Guide to the Lakes
William Wordsworth’s Guide to the Lakes gives a first-hand account of his feelings about the unique countryside that was the source of his inspiration. He addresses concerns that are relevant today, such as how the growing number of visitors, and the money they might bring, would affect such a small and vulnerable landscape. It is now understood that Wordsworth’s notion of the Lake District as ‘a sort of national property, in which every man has a right and interest who has an eye to perceive and a heart to enjoy’, expressed in his Guide, gave a rationale for the foundation of the National Trust in 1895 and the establishment of the Lake District National Park in 1951.
Furthermore, the 2017 nomination document for the Lake District as a World Heritage site quotes this phrase in recognition of Wordsworth’s contribution to the idea that ‘landscape has a value, and that everyone has a right to appreciate and enjoy it’. We can now see how Wordsworth’s Guide has had a far-reaching influence on the modern concept of legally-protected landscape. First published in 1810 and repeatedly revised by its author over the ensuing twenty-five years, William Wordsworth’s Guide to the Lakes has long been considered a crucial text for scholars of Romantic-era aesthetics, ecology, travel writing, and tourism.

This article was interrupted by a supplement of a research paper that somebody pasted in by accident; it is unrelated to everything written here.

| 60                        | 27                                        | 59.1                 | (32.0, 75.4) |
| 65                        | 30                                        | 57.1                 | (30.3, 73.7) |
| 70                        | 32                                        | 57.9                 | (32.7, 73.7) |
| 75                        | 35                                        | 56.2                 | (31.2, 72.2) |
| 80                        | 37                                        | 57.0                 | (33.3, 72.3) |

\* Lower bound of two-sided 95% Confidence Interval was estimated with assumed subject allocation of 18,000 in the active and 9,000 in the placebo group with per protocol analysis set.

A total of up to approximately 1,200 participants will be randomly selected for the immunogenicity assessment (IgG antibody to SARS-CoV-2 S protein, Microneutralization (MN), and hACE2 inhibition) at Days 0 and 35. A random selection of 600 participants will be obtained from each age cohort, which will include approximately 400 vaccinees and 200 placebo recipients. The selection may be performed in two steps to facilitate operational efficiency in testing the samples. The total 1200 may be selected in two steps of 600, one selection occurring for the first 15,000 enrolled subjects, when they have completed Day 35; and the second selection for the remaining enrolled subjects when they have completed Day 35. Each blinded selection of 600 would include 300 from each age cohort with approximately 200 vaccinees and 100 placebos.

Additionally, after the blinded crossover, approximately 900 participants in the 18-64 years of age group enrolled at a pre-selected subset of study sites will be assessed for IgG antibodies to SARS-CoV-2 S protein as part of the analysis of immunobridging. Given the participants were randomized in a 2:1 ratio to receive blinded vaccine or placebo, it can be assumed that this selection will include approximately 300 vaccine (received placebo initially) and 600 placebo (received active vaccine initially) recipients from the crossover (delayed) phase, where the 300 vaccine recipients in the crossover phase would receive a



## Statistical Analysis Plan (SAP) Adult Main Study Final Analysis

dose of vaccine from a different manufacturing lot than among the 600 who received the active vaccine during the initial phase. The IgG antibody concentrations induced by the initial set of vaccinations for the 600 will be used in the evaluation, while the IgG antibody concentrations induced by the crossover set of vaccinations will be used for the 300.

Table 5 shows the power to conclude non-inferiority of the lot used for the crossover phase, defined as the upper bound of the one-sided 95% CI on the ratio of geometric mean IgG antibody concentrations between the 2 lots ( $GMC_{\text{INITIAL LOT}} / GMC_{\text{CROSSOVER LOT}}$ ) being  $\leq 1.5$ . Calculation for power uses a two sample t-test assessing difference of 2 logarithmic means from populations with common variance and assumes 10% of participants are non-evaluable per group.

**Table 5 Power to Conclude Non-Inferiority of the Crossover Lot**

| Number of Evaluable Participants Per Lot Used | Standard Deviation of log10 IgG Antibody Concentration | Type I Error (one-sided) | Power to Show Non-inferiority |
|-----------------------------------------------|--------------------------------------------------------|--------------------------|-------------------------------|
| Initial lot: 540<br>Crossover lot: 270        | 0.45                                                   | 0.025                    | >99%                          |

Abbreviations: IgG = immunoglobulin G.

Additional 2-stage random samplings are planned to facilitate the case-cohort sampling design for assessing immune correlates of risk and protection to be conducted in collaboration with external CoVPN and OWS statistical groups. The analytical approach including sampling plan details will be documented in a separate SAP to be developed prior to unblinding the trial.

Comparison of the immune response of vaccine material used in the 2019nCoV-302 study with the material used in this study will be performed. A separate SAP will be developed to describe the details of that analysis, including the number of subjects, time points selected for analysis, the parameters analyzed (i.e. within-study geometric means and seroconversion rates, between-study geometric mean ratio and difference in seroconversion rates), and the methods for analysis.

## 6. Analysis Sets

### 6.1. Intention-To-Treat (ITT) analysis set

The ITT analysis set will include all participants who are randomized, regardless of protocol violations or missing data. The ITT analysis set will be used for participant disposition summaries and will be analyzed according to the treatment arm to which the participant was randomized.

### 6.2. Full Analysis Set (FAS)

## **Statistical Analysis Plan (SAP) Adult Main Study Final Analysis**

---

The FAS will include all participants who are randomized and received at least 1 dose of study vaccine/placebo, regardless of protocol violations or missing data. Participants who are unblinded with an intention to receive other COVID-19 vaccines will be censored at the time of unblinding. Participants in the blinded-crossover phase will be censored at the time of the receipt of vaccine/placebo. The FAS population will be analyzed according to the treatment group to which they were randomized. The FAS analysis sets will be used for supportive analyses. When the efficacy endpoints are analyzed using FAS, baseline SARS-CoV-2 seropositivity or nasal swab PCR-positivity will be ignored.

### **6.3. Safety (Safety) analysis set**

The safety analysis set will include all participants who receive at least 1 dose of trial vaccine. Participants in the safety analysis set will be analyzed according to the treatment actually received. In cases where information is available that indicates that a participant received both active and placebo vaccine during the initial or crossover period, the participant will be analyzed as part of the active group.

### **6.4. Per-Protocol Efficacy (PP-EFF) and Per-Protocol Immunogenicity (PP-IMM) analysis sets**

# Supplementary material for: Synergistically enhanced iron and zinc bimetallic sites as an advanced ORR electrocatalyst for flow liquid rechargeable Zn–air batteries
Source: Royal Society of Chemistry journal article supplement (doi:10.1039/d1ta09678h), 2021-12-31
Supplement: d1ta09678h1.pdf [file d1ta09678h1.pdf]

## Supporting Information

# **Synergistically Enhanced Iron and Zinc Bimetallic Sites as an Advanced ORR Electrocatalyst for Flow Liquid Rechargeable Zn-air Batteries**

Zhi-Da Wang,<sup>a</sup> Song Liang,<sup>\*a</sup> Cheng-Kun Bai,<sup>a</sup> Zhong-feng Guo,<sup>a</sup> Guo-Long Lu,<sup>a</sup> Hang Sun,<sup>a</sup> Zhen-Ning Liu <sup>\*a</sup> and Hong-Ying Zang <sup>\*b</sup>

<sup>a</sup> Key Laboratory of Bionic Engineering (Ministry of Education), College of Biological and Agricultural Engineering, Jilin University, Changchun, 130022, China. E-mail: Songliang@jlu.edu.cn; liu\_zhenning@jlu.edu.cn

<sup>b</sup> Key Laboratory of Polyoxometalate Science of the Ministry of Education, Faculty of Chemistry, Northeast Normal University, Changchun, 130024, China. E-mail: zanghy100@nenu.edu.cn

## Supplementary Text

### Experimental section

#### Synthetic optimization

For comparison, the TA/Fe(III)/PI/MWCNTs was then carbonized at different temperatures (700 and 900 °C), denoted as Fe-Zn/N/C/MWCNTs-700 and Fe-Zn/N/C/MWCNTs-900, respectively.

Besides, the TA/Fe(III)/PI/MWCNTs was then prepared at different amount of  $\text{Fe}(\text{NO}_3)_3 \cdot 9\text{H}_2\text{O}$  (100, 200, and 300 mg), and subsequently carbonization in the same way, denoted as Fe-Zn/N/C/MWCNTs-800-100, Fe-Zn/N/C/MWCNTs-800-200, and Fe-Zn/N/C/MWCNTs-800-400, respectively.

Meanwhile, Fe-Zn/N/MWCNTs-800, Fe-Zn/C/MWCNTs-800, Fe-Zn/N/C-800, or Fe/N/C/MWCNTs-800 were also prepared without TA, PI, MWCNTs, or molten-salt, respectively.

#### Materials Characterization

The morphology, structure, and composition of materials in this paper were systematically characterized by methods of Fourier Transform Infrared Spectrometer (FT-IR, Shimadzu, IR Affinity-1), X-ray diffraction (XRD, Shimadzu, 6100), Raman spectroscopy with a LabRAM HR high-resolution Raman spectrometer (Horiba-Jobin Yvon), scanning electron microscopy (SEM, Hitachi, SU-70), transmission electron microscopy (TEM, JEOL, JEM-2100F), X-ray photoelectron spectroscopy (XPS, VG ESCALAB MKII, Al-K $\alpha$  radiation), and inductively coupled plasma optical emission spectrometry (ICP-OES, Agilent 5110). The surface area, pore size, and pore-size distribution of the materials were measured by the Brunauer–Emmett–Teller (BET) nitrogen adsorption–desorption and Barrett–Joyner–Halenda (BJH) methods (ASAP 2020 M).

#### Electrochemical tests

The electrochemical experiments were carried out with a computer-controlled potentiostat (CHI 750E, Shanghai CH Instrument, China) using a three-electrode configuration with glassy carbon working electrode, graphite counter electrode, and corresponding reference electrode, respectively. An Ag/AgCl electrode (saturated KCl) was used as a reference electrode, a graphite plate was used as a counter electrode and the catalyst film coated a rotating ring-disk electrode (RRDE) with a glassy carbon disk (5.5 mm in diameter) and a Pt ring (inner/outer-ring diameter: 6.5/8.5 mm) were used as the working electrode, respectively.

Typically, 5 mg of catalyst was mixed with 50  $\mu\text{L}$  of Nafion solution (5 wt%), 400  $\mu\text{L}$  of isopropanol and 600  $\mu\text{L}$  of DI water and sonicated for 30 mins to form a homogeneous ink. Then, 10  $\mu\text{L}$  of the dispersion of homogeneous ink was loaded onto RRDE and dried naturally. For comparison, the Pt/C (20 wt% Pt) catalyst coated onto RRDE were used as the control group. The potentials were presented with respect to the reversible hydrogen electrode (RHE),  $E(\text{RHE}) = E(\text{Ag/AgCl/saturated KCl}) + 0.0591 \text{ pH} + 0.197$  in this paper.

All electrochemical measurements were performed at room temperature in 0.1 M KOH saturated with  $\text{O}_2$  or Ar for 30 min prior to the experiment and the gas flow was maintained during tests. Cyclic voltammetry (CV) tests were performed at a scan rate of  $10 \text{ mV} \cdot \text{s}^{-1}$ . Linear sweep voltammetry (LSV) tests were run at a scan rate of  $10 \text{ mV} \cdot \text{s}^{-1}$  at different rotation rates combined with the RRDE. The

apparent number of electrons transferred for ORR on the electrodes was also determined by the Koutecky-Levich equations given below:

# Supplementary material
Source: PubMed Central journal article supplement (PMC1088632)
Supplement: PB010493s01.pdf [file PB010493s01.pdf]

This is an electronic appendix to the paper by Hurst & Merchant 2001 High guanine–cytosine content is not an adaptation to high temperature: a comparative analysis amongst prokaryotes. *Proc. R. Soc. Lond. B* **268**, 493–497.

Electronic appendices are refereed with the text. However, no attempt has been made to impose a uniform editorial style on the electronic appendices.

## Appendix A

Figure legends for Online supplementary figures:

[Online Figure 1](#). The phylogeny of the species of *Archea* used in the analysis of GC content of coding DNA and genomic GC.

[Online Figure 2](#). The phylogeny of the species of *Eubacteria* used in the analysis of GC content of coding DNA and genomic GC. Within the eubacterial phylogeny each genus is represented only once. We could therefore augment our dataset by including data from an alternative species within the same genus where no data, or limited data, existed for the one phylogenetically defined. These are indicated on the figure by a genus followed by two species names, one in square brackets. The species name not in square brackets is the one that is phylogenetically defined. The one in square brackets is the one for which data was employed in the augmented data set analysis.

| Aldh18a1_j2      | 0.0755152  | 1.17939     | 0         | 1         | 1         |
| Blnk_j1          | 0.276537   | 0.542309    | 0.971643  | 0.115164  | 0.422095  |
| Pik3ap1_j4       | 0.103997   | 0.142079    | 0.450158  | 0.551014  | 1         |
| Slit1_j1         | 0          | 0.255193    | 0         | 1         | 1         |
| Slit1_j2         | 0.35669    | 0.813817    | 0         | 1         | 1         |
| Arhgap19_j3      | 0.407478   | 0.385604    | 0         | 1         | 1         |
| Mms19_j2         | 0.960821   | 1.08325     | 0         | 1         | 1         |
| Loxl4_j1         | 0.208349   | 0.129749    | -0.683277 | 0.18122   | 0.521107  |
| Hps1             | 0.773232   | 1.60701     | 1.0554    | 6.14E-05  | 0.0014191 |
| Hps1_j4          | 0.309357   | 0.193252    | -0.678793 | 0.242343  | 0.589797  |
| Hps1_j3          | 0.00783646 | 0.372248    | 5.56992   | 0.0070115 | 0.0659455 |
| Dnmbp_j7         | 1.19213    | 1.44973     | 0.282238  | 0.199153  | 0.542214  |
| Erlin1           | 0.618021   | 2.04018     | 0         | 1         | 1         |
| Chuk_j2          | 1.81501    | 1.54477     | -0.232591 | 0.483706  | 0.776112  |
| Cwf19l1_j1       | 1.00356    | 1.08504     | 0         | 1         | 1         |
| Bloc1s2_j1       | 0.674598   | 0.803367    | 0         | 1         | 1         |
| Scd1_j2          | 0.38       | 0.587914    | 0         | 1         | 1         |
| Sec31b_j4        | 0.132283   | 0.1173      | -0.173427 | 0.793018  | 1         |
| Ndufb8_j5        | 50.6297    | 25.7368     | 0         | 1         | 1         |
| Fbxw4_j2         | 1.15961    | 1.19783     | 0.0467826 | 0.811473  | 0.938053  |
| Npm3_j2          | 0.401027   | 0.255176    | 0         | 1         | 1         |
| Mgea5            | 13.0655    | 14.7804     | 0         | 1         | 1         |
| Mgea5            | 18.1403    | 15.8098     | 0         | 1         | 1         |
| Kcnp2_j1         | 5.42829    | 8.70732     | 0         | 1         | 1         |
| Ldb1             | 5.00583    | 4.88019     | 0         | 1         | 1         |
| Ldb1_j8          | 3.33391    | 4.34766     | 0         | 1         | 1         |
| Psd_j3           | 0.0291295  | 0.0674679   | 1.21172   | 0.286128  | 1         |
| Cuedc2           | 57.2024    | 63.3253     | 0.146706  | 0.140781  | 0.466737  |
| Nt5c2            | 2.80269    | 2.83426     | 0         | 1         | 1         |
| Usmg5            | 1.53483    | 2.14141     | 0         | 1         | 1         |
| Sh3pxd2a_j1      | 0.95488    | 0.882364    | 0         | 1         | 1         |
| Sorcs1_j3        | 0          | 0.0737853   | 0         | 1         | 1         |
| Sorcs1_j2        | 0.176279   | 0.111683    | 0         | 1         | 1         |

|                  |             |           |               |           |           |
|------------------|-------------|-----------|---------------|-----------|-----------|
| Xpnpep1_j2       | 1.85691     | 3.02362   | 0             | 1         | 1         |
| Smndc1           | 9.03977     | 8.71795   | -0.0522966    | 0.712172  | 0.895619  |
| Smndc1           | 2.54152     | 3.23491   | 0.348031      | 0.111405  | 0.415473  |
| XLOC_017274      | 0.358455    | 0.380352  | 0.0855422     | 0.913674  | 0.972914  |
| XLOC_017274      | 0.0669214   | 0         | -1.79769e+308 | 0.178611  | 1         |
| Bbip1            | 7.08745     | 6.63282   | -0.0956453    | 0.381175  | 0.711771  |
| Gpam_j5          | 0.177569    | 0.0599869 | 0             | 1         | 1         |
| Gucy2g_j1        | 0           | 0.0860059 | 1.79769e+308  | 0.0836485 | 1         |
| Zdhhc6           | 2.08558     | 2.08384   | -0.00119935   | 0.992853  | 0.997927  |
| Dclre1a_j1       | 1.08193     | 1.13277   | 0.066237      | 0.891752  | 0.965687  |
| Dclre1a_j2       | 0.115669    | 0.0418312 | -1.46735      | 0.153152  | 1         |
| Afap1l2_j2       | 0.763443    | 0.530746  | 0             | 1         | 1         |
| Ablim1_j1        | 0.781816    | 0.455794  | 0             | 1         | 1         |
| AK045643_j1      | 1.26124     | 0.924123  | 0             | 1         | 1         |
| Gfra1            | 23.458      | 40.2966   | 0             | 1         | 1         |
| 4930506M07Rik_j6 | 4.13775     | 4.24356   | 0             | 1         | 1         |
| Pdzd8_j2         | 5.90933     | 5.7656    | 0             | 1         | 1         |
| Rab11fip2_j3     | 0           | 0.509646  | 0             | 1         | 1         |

Oxford University Press